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November 18, 2021

RGE updates on $200m fibre R&D innovation progress

Singapore-based viscose major Royal Golden Eagle (RGE) has outlined progress toward its commitment to invest US$200m in next-generation textile fibre innovation and technology over a ten-year period which started in 2019.

By Beth Wright

In its second annual progress report, RGE provides an update on the activities undertaken by the company its business groups (Sateri, APR, April, Bracell) involved in the fashion value chain to advance its ambition towards closed-loop, circular and climate-positive cellulosic fibre.

It pointed to Sateri’s achievement this year of gaining full compliance with the emission limits set out in the European Union Best Available Techniques Reference Document (EU-BAT BREF) for all of its five viscose mills in China, two years ahead of schedule; and Bracell’s completed construction of what it calls “the world’s largest and greenest” new generation pulp mill in São Paulo which uses cutting-edge technology for fossil-fuel-free generation.

Sateri also strengthened its strategic collaboration with Infinited Fiber Company, participating in the company’s EUR30m (US$36m) funding round, which attracted new and existing investors such as H&M Group, Adidas, Bestseller and Zalando.

RGE announced plans to invest $200m over the next ten years into cellulosic textile fibre research and development in 2019.

In its latest progress report, it listed new partnerships formed by RGE including a five-year textile recycling research collaboration with Nanyang Technological University Singapore, and a three-year strategic partnership with the Textile and Fashion Federation Singapore which seeks, among others goals, to advance research and innovation in circular economy approaches to fashion waste in Asia.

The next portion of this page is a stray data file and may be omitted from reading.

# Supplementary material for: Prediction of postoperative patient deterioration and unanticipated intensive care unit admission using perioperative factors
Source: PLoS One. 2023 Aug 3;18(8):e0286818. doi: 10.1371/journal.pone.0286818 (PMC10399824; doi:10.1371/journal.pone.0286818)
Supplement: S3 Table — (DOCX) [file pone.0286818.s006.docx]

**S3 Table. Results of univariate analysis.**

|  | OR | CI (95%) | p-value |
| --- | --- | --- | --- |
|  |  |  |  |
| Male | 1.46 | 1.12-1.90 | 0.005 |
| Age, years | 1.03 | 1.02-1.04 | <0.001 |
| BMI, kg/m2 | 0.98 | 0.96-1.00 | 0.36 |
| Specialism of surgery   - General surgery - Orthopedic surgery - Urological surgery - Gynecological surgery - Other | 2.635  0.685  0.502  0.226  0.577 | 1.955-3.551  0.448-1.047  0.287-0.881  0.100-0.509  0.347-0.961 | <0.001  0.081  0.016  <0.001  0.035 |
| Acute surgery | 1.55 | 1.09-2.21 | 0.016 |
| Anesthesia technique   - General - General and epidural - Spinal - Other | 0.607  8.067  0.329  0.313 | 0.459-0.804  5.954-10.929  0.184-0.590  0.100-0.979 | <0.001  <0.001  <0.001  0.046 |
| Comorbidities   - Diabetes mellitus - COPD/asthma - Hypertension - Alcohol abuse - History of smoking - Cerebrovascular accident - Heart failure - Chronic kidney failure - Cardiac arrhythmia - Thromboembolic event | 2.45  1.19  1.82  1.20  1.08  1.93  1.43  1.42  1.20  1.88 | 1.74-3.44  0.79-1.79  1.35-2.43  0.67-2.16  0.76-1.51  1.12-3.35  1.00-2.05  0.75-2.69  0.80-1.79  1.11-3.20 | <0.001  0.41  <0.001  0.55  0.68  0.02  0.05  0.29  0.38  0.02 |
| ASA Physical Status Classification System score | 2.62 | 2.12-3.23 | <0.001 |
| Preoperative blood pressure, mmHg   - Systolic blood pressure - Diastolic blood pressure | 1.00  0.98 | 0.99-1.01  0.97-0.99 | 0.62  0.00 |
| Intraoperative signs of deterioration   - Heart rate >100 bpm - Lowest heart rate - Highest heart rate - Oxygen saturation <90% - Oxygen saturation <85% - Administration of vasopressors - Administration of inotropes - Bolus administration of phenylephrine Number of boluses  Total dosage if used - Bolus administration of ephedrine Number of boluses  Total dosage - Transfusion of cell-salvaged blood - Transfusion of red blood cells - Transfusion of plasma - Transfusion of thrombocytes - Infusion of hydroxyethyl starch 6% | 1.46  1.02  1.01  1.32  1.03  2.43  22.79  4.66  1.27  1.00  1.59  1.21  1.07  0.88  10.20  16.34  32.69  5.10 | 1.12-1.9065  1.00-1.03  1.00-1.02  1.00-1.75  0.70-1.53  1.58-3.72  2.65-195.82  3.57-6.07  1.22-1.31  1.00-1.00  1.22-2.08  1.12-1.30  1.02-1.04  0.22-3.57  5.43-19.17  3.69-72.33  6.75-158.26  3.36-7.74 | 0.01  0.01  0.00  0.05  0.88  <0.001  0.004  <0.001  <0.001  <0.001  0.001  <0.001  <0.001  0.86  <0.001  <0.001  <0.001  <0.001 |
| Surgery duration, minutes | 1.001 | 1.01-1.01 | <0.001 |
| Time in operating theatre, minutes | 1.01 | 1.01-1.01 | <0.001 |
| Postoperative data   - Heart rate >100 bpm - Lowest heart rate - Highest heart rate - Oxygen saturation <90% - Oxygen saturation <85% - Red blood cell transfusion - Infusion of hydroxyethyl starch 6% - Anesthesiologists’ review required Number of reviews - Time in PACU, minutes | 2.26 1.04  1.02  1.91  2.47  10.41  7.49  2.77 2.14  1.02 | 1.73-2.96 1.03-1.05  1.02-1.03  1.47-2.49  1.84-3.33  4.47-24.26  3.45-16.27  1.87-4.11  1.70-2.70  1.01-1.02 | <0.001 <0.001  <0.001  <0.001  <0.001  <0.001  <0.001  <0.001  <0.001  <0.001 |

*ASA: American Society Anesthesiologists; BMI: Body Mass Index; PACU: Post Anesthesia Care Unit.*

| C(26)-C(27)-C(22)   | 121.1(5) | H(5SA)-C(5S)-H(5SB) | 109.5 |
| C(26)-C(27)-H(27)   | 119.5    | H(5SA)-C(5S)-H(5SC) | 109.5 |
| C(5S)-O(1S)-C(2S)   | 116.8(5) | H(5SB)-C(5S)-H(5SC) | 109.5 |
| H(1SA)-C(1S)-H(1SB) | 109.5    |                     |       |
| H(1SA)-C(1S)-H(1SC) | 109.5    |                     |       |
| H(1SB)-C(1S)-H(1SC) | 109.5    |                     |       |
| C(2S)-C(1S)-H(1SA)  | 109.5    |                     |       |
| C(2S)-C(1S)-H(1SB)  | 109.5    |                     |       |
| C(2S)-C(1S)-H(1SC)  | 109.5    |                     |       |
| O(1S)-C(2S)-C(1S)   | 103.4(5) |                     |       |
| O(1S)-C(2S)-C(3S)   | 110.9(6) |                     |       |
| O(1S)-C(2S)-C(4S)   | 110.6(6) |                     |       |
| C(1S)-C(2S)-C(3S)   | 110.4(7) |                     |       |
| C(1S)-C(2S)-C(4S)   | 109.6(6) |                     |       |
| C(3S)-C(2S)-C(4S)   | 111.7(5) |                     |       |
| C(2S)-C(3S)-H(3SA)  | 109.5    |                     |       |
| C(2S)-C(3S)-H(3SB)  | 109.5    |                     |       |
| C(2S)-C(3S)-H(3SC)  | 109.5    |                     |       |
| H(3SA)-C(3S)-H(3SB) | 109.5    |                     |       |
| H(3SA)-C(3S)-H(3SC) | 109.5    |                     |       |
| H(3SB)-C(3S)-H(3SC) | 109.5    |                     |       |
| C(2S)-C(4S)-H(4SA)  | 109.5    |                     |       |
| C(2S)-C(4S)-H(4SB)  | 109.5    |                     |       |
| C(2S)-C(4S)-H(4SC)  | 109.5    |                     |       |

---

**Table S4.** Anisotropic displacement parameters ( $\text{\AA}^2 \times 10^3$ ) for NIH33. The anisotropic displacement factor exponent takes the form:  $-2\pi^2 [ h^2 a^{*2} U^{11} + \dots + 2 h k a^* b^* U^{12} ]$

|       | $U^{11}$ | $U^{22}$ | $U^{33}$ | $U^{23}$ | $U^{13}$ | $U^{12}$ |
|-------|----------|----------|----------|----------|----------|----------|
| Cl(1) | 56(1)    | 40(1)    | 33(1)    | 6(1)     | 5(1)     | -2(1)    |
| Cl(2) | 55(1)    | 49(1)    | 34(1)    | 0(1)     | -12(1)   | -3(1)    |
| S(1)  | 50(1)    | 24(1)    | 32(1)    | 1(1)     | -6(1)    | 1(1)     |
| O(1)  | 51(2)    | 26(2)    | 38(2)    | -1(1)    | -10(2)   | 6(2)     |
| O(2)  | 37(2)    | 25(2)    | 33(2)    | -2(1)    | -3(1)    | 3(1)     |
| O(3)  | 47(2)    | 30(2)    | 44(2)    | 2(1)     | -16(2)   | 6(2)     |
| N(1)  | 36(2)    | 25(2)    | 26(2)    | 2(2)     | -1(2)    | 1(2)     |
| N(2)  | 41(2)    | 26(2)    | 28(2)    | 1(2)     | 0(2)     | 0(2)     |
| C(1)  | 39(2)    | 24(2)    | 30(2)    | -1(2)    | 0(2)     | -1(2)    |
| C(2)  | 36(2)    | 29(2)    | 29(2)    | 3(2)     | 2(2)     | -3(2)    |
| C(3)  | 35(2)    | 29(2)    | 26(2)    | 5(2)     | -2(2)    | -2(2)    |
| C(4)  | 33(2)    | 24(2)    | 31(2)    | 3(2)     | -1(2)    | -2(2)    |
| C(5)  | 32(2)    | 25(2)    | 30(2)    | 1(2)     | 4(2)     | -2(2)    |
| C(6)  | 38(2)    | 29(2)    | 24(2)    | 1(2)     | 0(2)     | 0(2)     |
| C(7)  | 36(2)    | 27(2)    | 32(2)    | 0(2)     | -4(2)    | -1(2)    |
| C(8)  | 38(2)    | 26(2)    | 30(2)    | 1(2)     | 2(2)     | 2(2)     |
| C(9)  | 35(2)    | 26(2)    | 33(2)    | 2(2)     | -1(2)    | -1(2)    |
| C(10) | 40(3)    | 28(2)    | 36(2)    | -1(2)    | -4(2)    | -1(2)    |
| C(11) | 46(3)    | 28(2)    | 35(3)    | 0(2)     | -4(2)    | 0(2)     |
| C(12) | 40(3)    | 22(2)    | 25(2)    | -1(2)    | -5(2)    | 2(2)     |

Elsewhere, RGE says its in-house R&D team has made good progress in advancing its textile-to-textile project, focusing on producing quality viscose using recycled cotton textiles as feedstock.  To support plans to build a textile recycling facility in Indonesia, and as part of commercial feasibility analysis, studies examining the availability of textile waste and textile recycling landscapes in China, Indonesia, Sri Lanka and Bangladesh were completed.

Sateri also remains on track to developing a product with 50% recycled content by 2023, and to reach 100% by 2030.  It also aims for 20% of its feedstock to contain alternative or recycled materials by 2025.  In this similar vein, APR will source 20% of its feedstock from alternative or recycled materials by 2030.

“Our achievements this year underscore our commitment to continuous improvement in clean production and resource utilisation efficiency,” says Bey Soo Khiang, vice chairman of RGE. “We will continue to pursue manufacturing excellence and invest in best-in-class technologies for all our facilities as part of our commitment towards closed-loop and cleaner production.”

Just Style spoke with Allen Zhang last year about starting production of lyocell fibres in China and launching a new commercial-scale viscose fibre made from recycled textile waste – all in the midst of a global pandemic: Why Sateri sees Covid-19 as an industry wake-up call – Interview.

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